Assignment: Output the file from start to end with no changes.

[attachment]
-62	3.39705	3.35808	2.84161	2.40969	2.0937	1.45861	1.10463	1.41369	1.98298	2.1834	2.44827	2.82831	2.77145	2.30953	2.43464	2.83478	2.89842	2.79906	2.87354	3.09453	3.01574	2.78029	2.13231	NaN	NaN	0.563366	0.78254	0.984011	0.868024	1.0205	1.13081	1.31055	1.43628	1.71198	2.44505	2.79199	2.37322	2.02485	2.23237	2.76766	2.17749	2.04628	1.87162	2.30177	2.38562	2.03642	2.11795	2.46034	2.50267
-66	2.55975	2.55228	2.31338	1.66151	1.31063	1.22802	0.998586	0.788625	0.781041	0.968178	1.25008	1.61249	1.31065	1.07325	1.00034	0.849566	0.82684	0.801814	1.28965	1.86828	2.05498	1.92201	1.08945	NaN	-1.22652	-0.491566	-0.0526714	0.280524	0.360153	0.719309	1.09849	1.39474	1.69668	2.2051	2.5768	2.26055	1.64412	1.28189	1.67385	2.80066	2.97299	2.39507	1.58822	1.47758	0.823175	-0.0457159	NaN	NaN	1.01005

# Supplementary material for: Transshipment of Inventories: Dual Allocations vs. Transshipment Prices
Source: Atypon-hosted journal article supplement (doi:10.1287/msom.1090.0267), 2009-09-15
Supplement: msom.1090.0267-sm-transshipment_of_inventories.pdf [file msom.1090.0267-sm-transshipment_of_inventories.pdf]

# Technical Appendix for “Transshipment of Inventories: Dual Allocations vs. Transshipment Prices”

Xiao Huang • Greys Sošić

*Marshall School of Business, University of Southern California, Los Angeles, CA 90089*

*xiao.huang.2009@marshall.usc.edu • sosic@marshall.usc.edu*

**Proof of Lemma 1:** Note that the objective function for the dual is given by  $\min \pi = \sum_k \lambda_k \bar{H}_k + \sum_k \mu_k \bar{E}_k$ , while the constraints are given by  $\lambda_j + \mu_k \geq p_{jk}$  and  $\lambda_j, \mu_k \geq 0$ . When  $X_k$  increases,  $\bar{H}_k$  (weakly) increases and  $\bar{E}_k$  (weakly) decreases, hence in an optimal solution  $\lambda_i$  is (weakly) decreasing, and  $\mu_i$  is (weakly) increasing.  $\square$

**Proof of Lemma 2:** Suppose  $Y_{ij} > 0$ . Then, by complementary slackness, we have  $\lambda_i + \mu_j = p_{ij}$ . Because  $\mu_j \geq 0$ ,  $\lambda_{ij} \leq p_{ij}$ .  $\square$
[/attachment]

-62	3.39705	3.35808	2.84161	2.40969	2.0937	1.45861	1.10463	1.41369	1.98298	2.1834	2.44827	2.82831	2.77145	2.30953	2.43464	2.83478	2.89842	2.79906	2.87354	3.09453	3.01574	2.78029	2.13231	NaN	NaN	0.563366	0.78254	0.984011	0.868024	1.0205	1.13081	1.31055	1.43628	1.71198	2.44505	2.79199	2.37322	2.02485	2.23237	2.76766	2.17749	2.04628	1.87162	2.30177	2.38562	2.03642	2.11795	2.46034	2.50267
-66	2.55975	2.55228	2.31338	1.66151	1.31063	1.22802	0.998586	0.788625	0.781041	0.968178	1.25008	1.61249	1.31065	1.07325	1.00034	0.849566	0.82684	0.801814	1.28965	1.86828	2.05498	1.92201	1.08945	NaN	-1.22652	-0.491566	-0.0526714	0.280524	0.360153	0.719309	1.09849	1.39474	1.69668	2.2051	2.5768	2.26055	1.64412	1.28189	1.67385	2.80066	2.97299	2.39507	1.58822	1.47758	0.823175	-0.0457159	NaN	NaN	1.01005

# Supplementary material for: Transshipment of Inventories: Dual Allocations vs. Transshipment Prices
Source: Atypon-hosted journal article supplement (doi:10.1287/msom.1090.0267), 2009-09-15
Supplement: msom.1090.0267-sm-transshipment_of_inventories.pdf [file msom.1090.0267-sm-transshipment_of_inventories.pdf]

# Technical Appendix for “Transshipment of Inventories: Dual Allocations vs. Transshipment Prices”

Xiao Huang • Greys Sošić

*Marshall School of Business, University of Southern California, Los Angeles, CA 90089*

*xiao.huang.2009@marshall.usc.edu • sosic@marshall.usc.edu*

**Proof of Lemma 1:** Note that the objective function for the dual is given by  $\min \pi = \sum_k \lambda_k \bar{H}_k + \sum_k \mu_k \bar{E}_k$ , while the constraints are given by  $\lambda_j + \mu_k \geq p_{jk}$  and  $\lambda_j, \mu_k \geq 0$ . When  $X_k$  increases,  $\bar{H}_k$  (weakly) increases and  $\bar{E}_k$  (weakly) decreases, hence in an optimal solution  $\lambda_i$  is (weakly) decreasing, and  $\mu_i$  is (weakly) increasing.  $\square$

**Proof of Lemma 2:** Suppose  $Y_{ij} > 0$ . Then, by complementary slackness, we have  $\lambda_i + \mu_j = p_{ij}$ . Because  $\mu_j \geq 0$ ,  $\lambda_{ij} \leq p_{ij}$ .  $\square$